• Image of mountains and river

    Gates Of The Arctic

    National Park & Preserve Alaska

GAAR-00222 Collection Images

 

The images that follow are but a few examples of the thousands of artifacts collected from AMR-186, the Lake Matcharak Paleo-Eskimo site. Many of the images depict definitive Denbigh Flint Complex style lithic artifacts, representative of the more broad reaching Arctic Small Tool tradition. These artifacts are well known in arctic archaeology for their fine craftsmanship and diminutive size.

The bifaces and microblades were likely used as inserts in composite, organic projectile points. The flake tool, burins and burin spalls may all have been utilized in modifying organic materials, such as bone, antler and wood.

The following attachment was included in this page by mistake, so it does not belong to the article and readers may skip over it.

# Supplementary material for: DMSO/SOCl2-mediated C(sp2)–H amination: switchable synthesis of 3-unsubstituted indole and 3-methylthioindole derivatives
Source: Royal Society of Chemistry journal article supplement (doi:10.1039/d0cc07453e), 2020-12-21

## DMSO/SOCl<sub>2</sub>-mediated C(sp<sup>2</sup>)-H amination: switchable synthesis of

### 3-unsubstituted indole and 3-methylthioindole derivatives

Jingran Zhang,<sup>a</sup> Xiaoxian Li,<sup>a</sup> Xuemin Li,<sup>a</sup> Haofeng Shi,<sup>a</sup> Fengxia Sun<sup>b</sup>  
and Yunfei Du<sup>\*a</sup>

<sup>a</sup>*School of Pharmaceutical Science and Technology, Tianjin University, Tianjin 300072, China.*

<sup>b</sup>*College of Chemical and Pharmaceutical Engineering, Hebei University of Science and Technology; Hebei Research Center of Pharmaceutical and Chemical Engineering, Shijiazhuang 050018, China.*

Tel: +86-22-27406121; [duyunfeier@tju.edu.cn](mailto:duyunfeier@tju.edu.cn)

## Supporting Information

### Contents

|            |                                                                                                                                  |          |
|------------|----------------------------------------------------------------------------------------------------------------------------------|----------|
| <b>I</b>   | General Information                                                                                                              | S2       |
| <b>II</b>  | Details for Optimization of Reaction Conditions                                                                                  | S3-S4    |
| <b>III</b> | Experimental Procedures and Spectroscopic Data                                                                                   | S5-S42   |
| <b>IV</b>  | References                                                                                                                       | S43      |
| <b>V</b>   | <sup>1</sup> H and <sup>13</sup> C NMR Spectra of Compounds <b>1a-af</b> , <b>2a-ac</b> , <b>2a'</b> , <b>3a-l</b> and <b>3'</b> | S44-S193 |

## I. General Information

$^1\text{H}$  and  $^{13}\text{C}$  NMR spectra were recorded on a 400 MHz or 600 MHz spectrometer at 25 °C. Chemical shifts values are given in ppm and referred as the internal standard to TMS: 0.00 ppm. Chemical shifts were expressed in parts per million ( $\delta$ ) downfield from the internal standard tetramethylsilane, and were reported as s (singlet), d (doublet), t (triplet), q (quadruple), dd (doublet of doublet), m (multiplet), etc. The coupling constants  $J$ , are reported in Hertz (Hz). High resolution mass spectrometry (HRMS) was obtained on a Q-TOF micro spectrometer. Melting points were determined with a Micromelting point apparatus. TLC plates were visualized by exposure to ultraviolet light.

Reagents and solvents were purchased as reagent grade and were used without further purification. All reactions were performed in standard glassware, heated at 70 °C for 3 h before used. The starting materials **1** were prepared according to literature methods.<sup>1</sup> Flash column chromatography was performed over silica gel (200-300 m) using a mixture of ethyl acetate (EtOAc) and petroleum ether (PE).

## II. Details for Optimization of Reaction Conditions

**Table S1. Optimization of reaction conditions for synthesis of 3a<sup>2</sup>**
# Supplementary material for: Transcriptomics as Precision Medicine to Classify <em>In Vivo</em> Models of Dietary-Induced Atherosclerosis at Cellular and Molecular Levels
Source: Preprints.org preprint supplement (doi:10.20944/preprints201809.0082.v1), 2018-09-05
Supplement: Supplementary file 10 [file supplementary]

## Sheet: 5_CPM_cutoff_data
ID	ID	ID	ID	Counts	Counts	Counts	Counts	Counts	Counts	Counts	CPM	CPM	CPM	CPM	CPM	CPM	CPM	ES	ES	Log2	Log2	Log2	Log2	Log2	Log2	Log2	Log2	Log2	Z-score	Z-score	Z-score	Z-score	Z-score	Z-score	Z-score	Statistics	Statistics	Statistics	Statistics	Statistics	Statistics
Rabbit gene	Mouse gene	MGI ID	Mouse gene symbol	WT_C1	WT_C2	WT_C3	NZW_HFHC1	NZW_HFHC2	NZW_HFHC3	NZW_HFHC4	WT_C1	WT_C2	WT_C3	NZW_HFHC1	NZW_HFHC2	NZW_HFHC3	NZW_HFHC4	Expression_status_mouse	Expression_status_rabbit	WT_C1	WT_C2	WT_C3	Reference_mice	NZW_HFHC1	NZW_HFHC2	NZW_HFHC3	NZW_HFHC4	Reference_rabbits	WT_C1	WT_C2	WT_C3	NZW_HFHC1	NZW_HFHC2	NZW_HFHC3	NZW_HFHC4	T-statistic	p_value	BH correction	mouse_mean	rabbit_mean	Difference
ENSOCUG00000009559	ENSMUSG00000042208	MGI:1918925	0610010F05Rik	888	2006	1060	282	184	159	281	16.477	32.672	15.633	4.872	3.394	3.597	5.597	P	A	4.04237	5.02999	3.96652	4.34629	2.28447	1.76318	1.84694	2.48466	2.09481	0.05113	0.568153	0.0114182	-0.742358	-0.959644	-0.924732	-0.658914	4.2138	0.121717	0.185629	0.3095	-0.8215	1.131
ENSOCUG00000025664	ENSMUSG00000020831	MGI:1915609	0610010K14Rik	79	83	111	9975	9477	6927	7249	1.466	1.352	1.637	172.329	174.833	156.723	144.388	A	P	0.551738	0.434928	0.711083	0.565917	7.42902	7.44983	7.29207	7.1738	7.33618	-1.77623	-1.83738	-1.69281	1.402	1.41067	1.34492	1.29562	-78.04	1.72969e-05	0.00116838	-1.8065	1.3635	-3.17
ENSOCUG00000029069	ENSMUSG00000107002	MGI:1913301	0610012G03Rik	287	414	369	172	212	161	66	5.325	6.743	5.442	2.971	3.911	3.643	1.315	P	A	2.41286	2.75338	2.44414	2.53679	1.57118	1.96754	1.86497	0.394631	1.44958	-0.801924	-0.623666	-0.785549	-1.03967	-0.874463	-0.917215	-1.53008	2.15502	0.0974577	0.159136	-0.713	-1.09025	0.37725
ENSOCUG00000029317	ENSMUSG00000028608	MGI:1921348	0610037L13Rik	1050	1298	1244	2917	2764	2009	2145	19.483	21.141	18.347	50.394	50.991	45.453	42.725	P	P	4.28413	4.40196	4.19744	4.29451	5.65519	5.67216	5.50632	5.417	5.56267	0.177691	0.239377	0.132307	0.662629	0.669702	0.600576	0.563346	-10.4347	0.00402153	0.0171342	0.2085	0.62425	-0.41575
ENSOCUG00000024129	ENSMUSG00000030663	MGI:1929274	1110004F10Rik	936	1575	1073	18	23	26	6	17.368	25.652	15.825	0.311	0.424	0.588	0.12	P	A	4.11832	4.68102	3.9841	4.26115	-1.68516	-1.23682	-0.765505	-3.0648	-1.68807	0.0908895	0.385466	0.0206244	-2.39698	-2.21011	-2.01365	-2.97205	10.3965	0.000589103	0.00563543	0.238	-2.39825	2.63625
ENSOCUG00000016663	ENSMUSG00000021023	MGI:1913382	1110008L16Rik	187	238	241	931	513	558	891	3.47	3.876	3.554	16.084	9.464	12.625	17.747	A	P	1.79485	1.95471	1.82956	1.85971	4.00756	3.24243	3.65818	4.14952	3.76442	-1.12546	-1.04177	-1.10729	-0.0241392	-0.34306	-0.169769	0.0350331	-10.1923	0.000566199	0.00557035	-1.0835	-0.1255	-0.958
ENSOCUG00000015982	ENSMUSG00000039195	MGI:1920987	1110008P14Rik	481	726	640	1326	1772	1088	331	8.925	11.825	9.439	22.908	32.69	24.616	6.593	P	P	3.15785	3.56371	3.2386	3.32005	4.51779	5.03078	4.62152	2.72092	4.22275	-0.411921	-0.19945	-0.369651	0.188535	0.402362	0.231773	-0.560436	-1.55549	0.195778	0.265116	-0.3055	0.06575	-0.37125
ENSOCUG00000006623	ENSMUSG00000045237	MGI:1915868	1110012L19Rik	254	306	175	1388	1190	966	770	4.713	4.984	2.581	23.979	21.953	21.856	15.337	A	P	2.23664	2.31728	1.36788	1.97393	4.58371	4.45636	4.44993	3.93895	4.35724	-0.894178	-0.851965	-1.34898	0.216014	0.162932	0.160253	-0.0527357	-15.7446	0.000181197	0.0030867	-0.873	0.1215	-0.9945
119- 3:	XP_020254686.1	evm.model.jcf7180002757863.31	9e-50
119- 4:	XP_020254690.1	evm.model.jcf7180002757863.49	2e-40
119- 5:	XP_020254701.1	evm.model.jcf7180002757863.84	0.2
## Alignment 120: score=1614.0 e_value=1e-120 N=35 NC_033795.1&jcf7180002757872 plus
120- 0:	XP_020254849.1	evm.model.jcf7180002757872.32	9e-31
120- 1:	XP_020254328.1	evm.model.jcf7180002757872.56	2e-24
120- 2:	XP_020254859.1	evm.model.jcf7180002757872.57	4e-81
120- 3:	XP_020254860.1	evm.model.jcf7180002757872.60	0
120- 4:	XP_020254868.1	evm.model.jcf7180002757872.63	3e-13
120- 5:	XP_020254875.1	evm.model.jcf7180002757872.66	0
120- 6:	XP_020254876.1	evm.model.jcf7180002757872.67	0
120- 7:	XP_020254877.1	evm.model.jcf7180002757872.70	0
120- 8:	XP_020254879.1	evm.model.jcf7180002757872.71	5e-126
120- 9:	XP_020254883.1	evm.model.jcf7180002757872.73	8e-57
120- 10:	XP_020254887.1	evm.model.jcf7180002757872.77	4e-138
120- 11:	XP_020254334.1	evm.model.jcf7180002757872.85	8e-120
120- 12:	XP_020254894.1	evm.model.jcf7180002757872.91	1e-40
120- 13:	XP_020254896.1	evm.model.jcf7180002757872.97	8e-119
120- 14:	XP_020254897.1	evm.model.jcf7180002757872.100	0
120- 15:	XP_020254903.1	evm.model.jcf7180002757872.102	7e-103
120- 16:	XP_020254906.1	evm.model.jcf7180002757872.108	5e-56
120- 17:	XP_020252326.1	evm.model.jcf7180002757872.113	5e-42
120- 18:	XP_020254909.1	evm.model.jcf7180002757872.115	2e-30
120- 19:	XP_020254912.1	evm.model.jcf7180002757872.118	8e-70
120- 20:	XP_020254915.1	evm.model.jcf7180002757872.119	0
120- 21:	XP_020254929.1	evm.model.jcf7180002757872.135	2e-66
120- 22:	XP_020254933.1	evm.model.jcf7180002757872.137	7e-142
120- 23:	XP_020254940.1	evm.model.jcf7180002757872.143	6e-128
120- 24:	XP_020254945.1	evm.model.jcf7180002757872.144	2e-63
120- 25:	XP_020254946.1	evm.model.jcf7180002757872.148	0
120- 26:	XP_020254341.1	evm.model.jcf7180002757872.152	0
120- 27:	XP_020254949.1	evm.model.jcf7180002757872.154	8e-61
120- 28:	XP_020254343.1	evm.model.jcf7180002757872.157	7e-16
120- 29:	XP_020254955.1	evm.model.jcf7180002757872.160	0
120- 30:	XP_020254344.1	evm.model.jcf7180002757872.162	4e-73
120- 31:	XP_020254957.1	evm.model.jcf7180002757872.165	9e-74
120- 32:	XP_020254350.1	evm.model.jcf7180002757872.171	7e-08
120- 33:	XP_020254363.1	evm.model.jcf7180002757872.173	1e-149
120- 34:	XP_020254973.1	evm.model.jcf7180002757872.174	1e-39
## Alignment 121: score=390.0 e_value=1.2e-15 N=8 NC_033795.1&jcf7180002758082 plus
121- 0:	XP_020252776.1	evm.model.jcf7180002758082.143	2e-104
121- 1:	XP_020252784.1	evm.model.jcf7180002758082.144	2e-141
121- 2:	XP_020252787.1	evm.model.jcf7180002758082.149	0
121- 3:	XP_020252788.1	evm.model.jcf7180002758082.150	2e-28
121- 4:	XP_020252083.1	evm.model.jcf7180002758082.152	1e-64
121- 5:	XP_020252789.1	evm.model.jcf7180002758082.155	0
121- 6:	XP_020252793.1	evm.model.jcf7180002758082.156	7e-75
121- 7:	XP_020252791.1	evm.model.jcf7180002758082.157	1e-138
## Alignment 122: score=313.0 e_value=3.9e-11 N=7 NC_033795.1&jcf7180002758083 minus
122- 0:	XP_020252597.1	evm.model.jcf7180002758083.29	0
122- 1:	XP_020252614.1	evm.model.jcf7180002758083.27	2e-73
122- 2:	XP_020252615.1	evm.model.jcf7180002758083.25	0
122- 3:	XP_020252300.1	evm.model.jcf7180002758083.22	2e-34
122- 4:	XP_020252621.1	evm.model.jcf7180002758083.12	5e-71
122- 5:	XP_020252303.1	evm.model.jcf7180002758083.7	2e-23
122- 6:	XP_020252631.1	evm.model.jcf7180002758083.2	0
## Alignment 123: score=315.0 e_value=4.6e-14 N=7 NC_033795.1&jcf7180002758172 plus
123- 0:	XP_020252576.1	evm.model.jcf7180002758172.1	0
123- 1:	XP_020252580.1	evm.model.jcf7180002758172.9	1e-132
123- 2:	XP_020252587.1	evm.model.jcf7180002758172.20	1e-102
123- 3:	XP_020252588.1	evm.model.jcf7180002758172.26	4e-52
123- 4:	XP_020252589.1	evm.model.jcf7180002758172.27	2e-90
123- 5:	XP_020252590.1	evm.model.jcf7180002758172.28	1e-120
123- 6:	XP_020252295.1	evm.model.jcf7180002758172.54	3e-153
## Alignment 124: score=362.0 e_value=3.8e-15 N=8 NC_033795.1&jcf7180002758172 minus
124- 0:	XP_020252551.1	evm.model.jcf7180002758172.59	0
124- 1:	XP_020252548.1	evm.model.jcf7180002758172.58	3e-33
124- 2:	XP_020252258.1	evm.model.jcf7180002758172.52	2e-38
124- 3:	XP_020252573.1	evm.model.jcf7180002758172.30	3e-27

The images of the organic artifacts depict a rarity in arctic archaeology in that they are the only known such examples from any Denbigh site. It is unknown what the elongate, slender object with linear engraving may have been used for. The tapered object with pointed ends may have been some sort of awl or punch.

 
 

Did You Know?

A land status map showing the federal units that protect the Brooks Range.

Gates of the Arctic National Park and Preserve is the central component of the 700 square mile protected Brooks Range. Arctic National Wildlife Refuge is to the east, and the Noatak Preserve is to the west.